This biography of the great comedienne spends too many pages on the early Lucy we didn't know and don't care much about. Brady (Ida Tarbell: Portrait of a Muckraker, 1984) traces Ball's life from her somewhat unsettled childhood in upstate New York through her modeling and acting career in Manhattan, her time as a Goldwyn girl, and her television successes, as well as personal and career failures with Desi Arnaz, and her reclusive last years. The biographer leaves few stones unturned in presenting Lucy as a woman who worked hard, loved harder, expected much of those around her, and was never satisfied with the adoration her fans bestowed upon her. Though the book is full of interesting and illuminating material—Desi's blatant affairs, the occasional violence of the Arnaz marriage, the complex negotiations that took place behind closed doors to produce ``I Love Lucy,'' in its day the most popular television show in America—Brady waits far too long before getting to the Lucy of TV that most readers will be able to remember and recognize. In particular, the almosts and could-have-beens of Ball's disappointing movie career receive too much attention; and although the author's access to Lucy's childhood and young-adult friends is impressive, she uses too many of their merely anecdotal stories. To be sure, there are nice moments, including Lucy's single date with Henry Fonda, her fastidious rehearsing of comedy bits, and her 1953 appearance before the House Un-American Activities Committee (her grandfather had the whole family register as socialists in the '30s), but there's an overabundance of material that doesn't propel the story or offer significant insight. Too many fits and starts prevent this biography from making Lucy come alive. (16 pages b&w photos, not seen)

Pub Date: Nov. 9, 1994

ISBN: 0-7868-6007-3

Page Count: 416

Publisher: Hyperion

Review Posted Online: May 20, 2010

Kirkus Reviews Issue: Sept. 1, 1994

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If the authors are serious, this is a silly, distasteful book. If they are not, it’s a brilliant satire.


The authors have created a sort of anti-Book of Virtues in this encyclopedic compendium of the ways and means of power.

Everyone wants power and everyone is in a constant duplicitous game to gain more power at the expense of others, according to Greene, a screenwriter and former editor at Esquire (Elffers, a book packager, designed the volume, with its attractive marginalia). We live today as courtiers once did in royal courts: we must appear civil while attempting to crush all those around us. This power game can be played well or poorly, and in these 48 laws culled from the history and wisdom of the world’s greatest power players are the rules that must be followed to win. These laws boil down to being as ruthless, selfish, manipulative, and deceitful as possible. Each law, however, gets its own chapter: “Conceal Your Intentions,” “Always Say Less Than Necessary,” “Pose as a Friend, Work as a Spy,” and so on. Each chapter is conveniently broken down into sections on what happened to those who transgressed or observed the particular law, the key elements in this law, and ways to defensively reverse this law when it’s used against you. Quotations in the margins amplify the lesson being taught. While compelling in the way an auto accident might be, the book is simply nonsense. Rules often contradict each other. We are told, for instance, to “be conspicuous at all cost,” then told to “behave like others.” More seriously, Greene never really defines “power,” and he merely asserts, rather than offers evidence for, the Hobbesian world of all against all in which he insists we live. The world may be like this at times, but often it isn’t. To ask why this is so would be a far more useful project.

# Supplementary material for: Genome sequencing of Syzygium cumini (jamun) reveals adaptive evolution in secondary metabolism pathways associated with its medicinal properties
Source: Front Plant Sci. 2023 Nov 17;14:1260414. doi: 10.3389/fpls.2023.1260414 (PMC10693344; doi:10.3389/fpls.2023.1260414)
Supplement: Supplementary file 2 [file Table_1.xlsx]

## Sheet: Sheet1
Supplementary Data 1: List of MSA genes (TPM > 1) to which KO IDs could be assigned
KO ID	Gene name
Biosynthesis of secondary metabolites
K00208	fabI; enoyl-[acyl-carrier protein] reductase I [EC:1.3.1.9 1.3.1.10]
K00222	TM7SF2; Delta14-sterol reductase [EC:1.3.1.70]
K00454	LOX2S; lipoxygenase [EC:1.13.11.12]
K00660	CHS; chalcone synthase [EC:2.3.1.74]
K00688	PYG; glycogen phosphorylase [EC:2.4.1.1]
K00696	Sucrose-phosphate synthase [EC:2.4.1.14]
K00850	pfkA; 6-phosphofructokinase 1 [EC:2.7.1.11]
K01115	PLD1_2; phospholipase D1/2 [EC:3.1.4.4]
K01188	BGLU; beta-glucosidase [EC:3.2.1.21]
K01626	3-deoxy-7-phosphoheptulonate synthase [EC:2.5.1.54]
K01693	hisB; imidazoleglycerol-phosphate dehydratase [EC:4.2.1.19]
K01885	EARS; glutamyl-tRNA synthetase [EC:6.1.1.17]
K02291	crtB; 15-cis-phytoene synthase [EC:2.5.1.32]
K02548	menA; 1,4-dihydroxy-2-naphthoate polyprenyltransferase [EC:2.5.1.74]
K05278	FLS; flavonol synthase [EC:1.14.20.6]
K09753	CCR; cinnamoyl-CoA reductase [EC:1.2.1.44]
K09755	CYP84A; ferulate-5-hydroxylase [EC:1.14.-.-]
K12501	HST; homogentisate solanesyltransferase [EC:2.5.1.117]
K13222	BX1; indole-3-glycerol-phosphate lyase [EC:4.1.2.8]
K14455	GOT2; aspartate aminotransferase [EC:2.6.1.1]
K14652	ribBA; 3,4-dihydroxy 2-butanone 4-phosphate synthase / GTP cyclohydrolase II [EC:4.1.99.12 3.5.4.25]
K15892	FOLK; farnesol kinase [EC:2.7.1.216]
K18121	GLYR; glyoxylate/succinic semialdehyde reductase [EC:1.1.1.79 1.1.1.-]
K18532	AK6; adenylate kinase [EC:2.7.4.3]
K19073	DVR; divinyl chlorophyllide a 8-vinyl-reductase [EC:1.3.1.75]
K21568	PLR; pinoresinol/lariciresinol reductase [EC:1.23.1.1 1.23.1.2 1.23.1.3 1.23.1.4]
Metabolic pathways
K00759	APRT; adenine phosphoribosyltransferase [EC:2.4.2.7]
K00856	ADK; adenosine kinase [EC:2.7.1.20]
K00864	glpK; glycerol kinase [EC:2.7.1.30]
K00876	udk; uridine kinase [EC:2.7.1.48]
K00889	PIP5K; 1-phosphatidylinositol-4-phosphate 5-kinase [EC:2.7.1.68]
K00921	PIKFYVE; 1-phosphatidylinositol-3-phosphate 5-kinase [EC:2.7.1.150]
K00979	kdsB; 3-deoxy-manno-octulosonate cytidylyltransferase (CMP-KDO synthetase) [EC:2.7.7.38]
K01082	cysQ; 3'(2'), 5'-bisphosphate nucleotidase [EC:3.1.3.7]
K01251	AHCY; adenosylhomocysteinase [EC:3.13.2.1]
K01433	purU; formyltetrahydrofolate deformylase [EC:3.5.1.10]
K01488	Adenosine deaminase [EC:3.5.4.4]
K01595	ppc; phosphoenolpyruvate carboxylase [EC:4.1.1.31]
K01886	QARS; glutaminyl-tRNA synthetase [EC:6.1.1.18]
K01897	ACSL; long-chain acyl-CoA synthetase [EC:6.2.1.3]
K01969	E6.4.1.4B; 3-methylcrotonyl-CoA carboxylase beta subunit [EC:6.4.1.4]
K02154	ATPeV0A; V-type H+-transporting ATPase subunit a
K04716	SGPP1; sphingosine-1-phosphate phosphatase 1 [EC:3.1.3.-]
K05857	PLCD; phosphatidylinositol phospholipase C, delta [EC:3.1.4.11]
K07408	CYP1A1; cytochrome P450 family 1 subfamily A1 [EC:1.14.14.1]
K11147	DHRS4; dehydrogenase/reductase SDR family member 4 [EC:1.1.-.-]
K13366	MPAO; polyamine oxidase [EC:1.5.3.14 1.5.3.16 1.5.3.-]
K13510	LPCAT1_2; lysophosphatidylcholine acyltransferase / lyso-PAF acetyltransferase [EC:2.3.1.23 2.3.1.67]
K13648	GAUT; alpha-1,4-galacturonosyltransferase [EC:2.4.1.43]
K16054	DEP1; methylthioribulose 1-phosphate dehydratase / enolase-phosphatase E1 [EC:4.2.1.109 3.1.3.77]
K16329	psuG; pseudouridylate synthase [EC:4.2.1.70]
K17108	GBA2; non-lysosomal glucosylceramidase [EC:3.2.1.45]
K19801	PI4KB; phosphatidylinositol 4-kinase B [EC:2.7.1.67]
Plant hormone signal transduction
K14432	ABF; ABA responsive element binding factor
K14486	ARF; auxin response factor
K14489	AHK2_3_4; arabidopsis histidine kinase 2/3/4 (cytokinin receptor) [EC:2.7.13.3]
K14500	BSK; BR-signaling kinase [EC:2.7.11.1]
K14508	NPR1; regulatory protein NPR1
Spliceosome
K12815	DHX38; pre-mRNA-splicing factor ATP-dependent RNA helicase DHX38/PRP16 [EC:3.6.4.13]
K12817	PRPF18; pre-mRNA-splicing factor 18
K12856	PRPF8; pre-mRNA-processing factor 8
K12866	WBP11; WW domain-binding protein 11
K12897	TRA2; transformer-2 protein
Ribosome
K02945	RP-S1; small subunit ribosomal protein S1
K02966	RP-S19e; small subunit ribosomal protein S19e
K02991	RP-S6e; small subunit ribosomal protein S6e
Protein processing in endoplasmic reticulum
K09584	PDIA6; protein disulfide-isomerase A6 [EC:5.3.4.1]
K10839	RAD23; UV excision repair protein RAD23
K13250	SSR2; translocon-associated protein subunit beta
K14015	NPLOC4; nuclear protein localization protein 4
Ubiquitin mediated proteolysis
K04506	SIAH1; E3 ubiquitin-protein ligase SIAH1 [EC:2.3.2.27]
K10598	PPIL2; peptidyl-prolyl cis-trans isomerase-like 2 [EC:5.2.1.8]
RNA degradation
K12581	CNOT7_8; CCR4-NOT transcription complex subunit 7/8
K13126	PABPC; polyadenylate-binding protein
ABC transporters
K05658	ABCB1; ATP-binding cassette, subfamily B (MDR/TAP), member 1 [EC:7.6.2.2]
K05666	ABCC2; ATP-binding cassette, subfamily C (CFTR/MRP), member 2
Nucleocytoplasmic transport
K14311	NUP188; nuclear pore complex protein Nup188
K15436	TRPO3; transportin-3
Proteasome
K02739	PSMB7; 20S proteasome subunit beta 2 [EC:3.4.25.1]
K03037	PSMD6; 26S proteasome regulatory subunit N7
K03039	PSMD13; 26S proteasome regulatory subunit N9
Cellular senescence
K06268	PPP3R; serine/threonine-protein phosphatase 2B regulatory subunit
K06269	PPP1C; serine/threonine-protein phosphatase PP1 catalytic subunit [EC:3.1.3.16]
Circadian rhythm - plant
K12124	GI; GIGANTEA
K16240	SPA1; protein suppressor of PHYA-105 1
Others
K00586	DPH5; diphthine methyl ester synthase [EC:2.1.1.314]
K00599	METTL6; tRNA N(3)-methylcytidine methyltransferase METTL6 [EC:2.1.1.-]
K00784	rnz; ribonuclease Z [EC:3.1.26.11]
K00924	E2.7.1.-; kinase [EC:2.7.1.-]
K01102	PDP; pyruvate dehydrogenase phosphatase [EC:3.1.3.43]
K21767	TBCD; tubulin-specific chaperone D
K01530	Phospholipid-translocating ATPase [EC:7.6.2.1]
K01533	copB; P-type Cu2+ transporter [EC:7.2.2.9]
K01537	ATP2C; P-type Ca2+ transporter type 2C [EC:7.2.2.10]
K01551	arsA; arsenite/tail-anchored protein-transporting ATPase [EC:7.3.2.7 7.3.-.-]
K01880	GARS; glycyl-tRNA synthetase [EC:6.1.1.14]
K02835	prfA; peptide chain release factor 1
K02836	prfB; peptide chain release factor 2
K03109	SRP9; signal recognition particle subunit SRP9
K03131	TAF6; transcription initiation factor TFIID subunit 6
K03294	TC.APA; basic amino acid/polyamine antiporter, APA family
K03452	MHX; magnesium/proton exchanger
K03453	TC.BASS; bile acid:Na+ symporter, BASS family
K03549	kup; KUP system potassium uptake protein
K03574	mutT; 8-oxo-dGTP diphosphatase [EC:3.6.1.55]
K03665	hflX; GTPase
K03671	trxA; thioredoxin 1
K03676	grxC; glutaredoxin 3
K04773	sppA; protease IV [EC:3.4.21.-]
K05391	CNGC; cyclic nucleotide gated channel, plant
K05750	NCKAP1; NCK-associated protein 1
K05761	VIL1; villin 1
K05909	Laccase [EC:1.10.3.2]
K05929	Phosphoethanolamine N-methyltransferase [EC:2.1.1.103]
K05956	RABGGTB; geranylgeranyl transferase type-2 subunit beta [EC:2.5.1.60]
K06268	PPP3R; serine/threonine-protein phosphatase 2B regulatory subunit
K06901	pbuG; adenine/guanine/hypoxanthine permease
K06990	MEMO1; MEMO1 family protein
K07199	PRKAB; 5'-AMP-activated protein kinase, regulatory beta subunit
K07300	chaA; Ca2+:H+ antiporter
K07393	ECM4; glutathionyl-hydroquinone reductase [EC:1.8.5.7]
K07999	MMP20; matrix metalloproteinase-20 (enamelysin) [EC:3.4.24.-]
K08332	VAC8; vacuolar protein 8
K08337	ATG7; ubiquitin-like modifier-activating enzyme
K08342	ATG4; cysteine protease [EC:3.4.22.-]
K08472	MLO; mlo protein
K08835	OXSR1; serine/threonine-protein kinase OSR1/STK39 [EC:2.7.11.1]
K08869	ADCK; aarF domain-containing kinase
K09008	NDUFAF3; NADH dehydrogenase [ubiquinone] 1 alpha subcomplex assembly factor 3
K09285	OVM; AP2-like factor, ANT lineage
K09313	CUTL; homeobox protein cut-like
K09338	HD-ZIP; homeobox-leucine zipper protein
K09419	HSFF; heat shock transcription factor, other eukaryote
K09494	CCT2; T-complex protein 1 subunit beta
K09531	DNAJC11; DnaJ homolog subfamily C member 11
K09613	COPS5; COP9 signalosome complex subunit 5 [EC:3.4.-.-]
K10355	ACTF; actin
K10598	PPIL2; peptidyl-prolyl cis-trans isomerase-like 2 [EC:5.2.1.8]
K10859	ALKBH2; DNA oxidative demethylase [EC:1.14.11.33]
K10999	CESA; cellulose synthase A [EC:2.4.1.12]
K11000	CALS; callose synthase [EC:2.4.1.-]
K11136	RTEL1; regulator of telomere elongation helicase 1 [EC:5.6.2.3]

If the authors are serious, this is a silly, distasteful book. If they are not, it’s a brilliant satire.

Pub Date: Sept. 1, 1998

ISBN: 0-670-88146-5

Page Count: 430

Publisher: Viking

Review Posted Online: May 20, 2010

Kirkus Reviews Issue: July 15, 1998

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The author's youthfulness helps to assure the inevitable comparison with the Anne Frank diary although over and above the...


Elie Wiesel spent his early years in a small Transylvanian town as one of four children. 

He was the only one of the family to survive what Francois Maurois, in his introduction, calls the "human holocaust" of the persecution of the Jews, which began with the restrictions, the singularization of the yellow star, the enclosure within the ghetto, and went on to the mass deportations to the ovens of Auschwitz and Buchenwald. There are unforgettable and horrifying scenes here in this spare and sombre memoir of this experience of the hanging of a child, of his first farewell with his father who leaves him an inheritance of a knife and a spoon, and of his last goodbye at Buchenwald his father's corpse is already cold let alone the long months of survival under unconscionable conditions. 

The author's youthfulness helps to assure the inevitable comparison with the Anne Frank diary although over and above the sphere of suffering shared, and in this case extended to the death march itself, there is no spiritual or emotional legacy here to offset any reader reluctance.

Pub Date: Jan. 16, 2006

ISBN: 0374500010

Page Count: 120

Publisher: Hill & Wang

Review Posted Online: Oct. 7, 2011

Kirkus Reviews Issue: Jan. 15, 2006

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